Auto Lending to Get a Boost From Sandy
Many victims of Hurricane Sandy are still cleaning up and trying to put their lives back together four months after the storm’s destructive floods wiped out entire communities.
In addition to leveled homes, some experienced a complete totaling of their vehicles caused by falling debris and flood waters.
Despite the continued cleanup from the storm and an economy on the mend, auto sales are still expected to rise nearly 7% in 2013 over the previous year, with car buyers set to register 15.3 million new vehicles this year, according to auto industry research firm Polk.
For credit unions, new light vehicle sales remain strong following Sandy in the Northeast with stronger new vehicle loan demand on the rise. Indeed, in November 2011, the new vehicle loan portfolio was contracting at an 8.7% annual rate. However as of November 2012, new car loans were up 7.7% or $4.6 billion.
A trifecta of conditions may be behind the burst of new car loans: Sandy, more drivers replacing their older cars, which are now at the average age of 10.8 years, and falling interest rates.
“There should also be a continued loosening of credit and more release of pent up demand now that the election year is in the books,” said Richard Epley, CEO of Auto Financial Group, a Houston-based provider of online residual-based vehicle financing. “We think that consumer confidence should be pretty strong now that the federal government has at least settled on our tax laws for now.”
As demand strengthens, manufacturers are reducing incentives, including subsidized financing, said Dave Colby, chief economist for CUNA Mutual Group. Higher demand and less competition from subsidized lenders are major changes in the vehicle sales and financing environment, he added. Credit unions are well-positioned to meet this demand.
“Never have members’ and credit unions’ interests been so aligned. Members need to replace vehicles or old vehicle loans, and credit unions need to make loans,” Colby said. “While economic recovery isn’t robust, the simple fact that there are 134 million jobs, speaks well about the ability to repay.”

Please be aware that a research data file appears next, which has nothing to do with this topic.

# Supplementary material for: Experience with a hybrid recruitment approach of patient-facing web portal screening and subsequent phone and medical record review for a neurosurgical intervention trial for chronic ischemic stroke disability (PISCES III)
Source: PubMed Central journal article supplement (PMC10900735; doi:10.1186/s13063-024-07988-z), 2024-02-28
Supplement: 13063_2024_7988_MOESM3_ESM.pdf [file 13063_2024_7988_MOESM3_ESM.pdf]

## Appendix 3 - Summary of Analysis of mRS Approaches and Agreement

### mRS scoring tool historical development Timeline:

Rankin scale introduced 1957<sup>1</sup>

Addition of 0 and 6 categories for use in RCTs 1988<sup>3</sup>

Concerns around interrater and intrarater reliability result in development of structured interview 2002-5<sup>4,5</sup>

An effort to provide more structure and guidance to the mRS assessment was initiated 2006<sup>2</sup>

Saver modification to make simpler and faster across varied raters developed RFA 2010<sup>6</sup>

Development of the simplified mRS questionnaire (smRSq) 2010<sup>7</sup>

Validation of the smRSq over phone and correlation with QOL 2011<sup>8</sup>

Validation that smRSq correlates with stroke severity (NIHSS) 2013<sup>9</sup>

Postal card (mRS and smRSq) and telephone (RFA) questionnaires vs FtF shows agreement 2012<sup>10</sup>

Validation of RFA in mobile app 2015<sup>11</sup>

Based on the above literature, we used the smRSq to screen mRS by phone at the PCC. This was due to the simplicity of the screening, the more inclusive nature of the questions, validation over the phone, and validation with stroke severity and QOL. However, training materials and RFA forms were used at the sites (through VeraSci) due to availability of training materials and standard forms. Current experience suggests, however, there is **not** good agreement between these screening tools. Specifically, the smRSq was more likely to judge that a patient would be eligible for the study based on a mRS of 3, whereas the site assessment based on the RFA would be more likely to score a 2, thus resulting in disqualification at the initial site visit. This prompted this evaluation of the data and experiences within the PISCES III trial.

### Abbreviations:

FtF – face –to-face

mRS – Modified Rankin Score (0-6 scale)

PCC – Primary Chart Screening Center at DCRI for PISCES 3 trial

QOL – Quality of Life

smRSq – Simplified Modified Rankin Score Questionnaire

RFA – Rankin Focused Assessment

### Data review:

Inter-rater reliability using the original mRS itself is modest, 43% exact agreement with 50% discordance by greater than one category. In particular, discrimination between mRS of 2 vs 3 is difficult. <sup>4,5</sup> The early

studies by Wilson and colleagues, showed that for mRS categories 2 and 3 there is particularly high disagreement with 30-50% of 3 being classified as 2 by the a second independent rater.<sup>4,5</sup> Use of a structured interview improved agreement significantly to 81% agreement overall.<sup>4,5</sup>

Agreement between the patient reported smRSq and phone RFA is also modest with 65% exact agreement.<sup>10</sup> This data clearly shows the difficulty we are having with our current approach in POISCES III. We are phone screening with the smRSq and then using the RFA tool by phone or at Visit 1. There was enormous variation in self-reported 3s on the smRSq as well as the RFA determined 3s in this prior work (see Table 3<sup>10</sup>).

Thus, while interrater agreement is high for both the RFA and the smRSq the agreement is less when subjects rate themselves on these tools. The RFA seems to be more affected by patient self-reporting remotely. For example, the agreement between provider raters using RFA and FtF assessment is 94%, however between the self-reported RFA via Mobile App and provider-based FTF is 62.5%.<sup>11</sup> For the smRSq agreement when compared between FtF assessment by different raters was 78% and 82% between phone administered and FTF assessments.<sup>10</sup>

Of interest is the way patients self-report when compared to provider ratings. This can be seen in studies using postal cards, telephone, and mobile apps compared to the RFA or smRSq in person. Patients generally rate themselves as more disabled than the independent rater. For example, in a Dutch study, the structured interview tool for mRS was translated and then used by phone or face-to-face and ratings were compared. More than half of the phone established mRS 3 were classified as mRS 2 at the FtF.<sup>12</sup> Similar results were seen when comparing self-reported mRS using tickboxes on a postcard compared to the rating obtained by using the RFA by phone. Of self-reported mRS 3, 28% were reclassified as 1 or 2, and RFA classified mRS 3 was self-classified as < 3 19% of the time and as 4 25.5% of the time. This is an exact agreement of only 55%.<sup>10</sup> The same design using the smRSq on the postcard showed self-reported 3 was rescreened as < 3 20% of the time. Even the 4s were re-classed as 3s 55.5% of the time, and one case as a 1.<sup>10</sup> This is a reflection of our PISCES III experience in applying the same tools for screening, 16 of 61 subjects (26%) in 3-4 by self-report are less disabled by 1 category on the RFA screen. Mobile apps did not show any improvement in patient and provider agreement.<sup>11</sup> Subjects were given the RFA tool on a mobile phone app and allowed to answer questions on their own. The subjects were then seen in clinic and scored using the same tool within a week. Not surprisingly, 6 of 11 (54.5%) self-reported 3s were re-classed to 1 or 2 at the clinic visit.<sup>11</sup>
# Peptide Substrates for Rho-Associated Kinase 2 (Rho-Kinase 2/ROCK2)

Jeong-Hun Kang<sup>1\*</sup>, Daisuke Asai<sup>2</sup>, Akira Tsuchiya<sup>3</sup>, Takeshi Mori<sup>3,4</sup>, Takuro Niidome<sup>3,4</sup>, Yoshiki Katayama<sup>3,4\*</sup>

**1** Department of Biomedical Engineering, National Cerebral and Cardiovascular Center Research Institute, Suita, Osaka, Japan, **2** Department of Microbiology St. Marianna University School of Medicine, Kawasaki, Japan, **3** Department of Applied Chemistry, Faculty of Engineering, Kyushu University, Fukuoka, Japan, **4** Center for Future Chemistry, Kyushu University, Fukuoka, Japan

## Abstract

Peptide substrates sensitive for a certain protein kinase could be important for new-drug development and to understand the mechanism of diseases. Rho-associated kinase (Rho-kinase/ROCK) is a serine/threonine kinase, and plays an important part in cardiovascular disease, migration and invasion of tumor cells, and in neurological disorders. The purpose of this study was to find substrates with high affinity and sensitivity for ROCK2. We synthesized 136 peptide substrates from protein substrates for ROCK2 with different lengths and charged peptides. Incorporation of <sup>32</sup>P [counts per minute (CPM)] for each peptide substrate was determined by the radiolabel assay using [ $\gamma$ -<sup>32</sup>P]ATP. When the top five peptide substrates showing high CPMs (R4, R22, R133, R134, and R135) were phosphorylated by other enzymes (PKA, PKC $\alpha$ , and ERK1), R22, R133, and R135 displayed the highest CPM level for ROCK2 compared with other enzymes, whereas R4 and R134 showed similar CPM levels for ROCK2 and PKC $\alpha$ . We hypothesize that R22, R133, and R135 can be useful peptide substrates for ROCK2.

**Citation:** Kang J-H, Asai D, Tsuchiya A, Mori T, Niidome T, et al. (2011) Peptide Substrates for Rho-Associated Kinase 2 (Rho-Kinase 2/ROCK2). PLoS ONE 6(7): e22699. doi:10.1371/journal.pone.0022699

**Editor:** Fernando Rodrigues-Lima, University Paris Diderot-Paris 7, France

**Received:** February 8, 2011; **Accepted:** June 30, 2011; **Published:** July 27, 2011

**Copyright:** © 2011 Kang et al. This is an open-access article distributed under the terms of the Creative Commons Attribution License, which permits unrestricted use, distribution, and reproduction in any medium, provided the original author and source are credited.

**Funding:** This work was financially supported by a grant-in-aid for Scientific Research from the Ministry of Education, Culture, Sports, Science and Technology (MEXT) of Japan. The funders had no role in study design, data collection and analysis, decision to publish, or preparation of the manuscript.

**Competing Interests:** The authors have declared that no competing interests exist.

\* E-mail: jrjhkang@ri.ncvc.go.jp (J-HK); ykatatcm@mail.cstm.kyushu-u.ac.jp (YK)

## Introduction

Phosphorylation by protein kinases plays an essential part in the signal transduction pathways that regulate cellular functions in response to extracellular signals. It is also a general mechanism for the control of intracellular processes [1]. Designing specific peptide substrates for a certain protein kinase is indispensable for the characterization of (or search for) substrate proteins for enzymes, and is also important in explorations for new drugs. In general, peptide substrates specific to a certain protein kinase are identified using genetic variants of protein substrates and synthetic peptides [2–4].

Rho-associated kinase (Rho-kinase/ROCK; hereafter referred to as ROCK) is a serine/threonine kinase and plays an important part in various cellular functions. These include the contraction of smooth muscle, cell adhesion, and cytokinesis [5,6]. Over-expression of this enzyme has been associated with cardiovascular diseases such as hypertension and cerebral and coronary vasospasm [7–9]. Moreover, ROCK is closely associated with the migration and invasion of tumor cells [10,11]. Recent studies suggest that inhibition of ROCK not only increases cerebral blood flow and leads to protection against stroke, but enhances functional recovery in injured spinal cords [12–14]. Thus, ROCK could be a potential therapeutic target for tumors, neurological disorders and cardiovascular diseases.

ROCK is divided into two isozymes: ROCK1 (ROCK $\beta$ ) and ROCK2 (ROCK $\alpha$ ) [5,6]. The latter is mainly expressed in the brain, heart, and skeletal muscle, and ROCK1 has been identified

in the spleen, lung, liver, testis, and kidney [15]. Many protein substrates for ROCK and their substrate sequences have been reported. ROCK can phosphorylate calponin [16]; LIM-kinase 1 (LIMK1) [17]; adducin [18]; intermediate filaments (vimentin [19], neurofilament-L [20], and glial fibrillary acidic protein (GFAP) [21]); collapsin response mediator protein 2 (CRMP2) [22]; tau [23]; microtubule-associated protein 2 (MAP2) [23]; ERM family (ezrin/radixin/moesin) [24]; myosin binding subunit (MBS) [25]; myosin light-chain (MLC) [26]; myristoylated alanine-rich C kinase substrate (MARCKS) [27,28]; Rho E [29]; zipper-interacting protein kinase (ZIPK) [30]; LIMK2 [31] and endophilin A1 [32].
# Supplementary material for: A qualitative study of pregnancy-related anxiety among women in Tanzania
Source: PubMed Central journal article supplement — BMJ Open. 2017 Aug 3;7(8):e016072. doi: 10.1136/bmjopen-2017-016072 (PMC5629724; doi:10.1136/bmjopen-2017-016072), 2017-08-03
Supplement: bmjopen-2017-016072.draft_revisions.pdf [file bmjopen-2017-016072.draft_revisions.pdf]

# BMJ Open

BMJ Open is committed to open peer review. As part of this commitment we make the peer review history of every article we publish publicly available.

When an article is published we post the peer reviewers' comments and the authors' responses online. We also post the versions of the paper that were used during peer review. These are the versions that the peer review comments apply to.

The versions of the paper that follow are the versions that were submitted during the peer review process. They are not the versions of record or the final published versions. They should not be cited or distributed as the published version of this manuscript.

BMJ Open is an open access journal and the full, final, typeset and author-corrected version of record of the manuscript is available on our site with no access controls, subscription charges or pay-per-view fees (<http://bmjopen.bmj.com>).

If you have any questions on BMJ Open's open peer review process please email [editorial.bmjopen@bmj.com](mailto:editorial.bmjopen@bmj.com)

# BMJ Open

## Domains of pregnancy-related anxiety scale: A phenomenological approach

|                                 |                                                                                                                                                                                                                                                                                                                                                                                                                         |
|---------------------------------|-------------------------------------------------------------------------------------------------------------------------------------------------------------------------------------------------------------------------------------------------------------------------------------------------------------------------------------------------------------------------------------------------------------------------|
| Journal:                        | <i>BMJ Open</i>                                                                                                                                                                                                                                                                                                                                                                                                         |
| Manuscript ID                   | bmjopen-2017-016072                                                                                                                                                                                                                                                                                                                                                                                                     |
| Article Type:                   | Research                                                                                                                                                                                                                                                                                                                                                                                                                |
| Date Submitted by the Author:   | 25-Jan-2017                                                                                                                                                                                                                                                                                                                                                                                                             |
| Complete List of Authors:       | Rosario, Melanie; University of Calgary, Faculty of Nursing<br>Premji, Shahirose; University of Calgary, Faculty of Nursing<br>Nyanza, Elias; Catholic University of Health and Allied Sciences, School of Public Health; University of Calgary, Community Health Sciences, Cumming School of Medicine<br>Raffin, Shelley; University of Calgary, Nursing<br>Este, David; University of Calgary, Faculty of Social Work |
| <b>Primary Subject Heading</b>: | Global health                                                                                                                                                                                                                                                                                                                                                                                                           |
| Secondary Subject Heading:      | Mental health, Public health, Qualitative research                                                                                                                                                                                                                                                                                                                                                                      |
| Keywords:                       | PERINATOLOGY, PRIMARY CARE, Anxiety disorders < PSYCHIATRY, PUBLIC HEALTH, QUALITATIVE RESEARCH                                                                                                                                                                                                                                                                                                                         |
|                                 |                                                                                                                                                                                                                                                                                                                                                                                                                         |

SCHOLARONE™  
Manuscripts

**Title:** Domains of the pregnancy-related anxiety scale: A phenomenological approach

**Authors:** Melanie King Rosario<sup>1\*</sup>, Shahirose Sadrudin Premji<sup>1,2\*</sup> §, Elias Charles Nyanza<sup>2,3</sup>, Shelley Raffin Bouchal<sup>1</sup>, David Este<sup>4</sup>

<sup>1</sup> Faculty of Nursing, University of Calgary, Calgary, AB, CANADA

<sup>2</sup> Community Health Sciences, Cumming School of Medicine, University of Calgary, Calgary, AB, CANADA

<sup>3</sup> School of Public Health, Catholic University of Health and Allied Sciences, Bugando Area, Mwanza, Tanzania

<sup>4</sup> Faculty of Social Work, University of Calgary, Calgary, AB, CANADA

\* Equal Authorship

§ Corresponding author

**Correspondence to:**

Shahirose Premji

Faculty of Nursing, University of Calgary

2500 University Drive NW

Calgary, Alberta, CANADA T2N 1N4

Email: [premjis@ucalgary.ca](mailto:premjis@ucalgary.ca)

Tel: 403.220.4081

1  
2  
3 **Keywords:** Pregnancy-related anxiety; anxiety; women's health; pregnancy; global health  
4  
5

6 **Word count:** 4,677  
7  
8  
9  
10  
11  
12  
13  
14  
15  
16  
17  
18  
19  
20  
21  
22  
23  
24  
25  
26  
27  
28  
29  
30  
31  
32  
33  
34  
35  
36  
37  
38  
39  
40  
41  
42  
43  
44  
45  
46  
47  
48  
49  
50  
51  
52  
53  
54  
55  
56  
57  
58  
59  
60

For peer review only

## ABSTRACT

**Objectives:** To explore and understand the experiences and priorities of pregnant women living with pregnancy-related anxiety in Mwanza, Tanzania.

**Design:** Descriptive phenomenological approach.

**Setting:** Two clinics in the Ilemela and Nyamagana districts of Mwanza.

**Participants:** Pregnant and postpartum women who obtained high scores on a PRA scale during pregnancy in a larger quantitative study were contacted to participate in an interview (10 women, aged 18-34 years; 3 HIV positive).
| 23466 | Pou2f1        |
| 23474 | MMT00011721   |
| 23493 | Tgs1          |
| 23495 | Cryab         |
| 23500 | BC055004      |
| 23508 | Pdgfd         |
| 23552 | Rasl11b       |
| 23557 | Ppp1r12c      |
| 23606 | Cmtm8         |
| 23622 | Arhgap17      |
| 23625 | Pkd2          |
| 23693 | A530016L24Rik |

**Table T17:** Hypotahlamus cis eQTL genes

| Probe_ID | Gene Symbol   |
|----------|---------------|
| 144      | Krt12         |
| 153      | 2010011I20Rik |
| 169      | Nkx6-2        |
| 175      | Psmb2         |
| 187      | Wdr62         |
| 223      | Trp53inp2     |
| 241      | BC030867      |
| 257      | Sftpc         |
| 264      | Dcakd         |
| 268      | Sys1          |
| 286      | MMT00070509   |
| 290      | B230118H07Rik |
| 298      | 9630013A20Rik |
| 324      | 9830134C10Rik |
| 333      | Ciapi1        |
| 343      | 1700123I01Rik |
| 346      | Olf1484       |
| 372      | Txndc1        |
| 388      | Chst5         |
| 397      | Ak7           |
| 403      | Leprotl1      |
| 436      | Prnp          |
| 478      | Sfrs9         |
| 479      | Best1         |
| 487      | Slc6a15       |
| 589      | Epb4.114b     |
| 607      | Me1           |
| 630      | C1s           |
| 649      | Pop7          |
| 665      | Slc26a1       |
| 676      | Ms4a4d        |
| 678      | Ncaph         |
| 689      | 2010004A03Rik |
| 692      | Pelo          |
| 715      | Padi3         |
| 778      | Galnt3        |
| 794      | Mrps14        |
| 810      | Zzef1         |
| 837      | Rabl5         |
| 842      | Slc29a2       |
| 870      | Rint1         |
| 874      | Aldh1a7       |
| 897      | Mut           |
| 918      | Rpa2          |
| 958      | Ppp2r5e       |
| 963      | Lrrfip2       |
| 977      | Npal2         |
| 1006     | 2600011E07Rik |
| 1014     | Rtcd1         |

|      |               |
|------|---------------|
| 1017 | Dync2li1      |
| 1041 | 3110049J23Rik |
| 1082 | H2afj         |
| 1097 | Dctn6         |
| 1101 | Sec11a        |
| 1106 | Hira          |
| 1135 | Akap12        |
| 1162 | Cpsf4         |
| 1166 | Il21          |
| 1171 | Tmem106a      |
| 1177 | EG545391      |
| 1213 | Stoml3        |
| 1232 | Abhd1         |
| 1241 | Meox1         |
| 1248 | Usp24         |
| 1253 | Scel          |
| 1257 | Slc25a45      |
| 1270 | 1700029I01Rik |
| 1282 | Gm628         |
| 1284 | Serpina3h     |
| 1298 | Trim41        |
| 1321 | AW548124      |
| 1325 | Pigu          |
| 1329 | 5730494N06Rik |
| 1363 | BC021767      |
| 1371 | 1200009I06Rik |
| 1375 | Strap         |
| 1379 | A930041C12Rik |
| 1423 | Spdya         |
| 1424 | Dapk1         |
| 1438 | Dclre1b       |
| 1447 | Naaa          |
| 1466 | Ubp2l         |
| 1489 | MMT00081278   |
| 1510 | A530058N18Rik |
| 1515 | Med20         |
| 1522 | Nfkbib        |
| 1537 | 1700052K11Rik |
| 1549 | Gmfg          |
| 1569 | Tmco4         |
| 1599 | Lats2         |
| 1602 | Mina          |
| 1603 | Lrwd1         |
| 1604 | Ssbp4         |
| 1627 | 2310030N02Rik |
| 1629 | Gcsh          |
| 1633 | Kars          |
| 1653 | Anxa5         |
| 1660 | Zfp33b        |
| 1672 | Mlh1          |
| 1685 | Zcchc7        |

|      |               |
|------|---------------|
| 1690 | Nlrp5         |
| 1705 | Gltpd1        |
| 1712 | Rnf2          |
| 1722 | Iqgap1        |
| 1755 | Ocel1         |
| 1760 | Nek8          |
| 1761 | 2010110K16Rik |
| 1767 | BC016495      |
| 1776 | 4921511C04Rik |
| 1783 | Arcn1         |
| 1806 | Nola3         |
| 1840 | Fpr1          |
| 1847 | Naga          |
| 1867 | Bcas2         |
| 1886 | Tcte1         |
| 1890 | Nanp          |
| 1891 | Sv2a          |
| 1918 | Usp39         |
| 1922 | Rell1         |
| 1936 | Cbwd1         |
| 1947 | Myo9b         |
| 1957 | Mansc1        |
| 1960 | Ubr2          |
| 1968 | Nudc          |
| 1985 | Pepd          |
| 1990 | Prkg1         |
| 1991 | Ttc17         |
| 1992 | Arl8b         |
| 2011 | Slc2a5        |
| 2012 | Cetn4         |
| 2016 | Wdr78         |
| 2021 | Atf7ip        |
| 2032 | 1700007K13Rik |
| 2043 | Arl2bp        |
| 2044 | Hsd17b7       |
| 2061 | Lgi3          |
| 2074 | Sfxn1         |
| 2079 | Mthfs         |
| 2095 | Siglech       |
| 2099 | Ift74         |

Looking out to the next 12 to 18 months, Colby said he sees the Federal Reserve intentionally managing interest rates at low levels. Manufacturers also want to improve profit margins per vehicle and they will likely be less generous with financing subsidies, he noted. Finally, consumer sentiment regarding future employment conditions is expected to be stable or strengthen slightly.
“Nothing in our interest rate forecast says that credit unions will be able to earn a positive spread on short-term investments, thus growing shorter duration loans is the primary alternative,” Colby said.
There will certainly be an increase in car loans in 2013 as well as an extra 500,000 or so of relatively low-mile, high-quality off-lease vehicles, said Dave Ruggles, AFG’s vice president of dealer initiatives. It is expected that a higher number of rental car turn-ins will also hit the market as that fleet needs to be replenished with new vehicles, he pointed out.
“I believe that pent-up demand and easier financing will absorb those vehicles easily, still leaving the market with a shortage of inventory, vis-à-vis demand. This will keep residual values firm,” Ruggles said.
Looking closer at the potential opportunities for credit unions to boost their new car loan activity, one needs only to glance at an industry pie chart. Colby said when you consider roughly 38% of all credit union assets are in investments, and 45% of these investments are in cash or have a duration of one year or less, this translates into at least 17% of credit union assets earning a negative spread.
“In fact, you would have to go out to a five-year Treasury to cover cost-of-funds. Thus, a vehicle loan at 3.51% is a great deal for the member and the credit union,” Colby said. “Even a loan sale with a 1.99% rate is better for the credit unions’ bottom line than the investment alternative.”
Even as Sandy may have forced hurricane victims to shop for new or used cars, there is a danger lurking that damaged vehicles may still find their way onto dealer lots across the country. In December, Experian Automotive warned there were more than nine million vehicles registered in counties affected by Hurricane Sandy.
While it is hard to pinpoint the total number of cars damaged by the storm, 1.6 million cars and trucks throughout the United States were designated as damaged by accidents or severe weather, including hurricanes, tornadoes or flooding in the first half of 2012, the company said. Of those, more than 425,000 or nearly 27%, lost their damage designation, or brand, when they were retitled as clean in another state, according to Experian Automotive.
Still, barring any untoward hiccups from Washington or unforeseen calamities around the world, the auto industry should lead the general economy toward a stronger recovery in 2013, Ruggles said.
“We will hear complaints about capacity restrictions, an about face from previous times when the market had to be forced to use overabundant capacity,” he predicted.
Colby is optimistic about the opportunities for credit unions to compete even more this year.
“I should emphasize I am not talking about just the financing on purchases of new and used vehicles, I am also talking about re-writing loans held elsewhere, with better terms from credit unions,” Colby said. “A key target for this strategy is the new members who switched to a credit union in the past year, due to frustrations with their bank relationships.”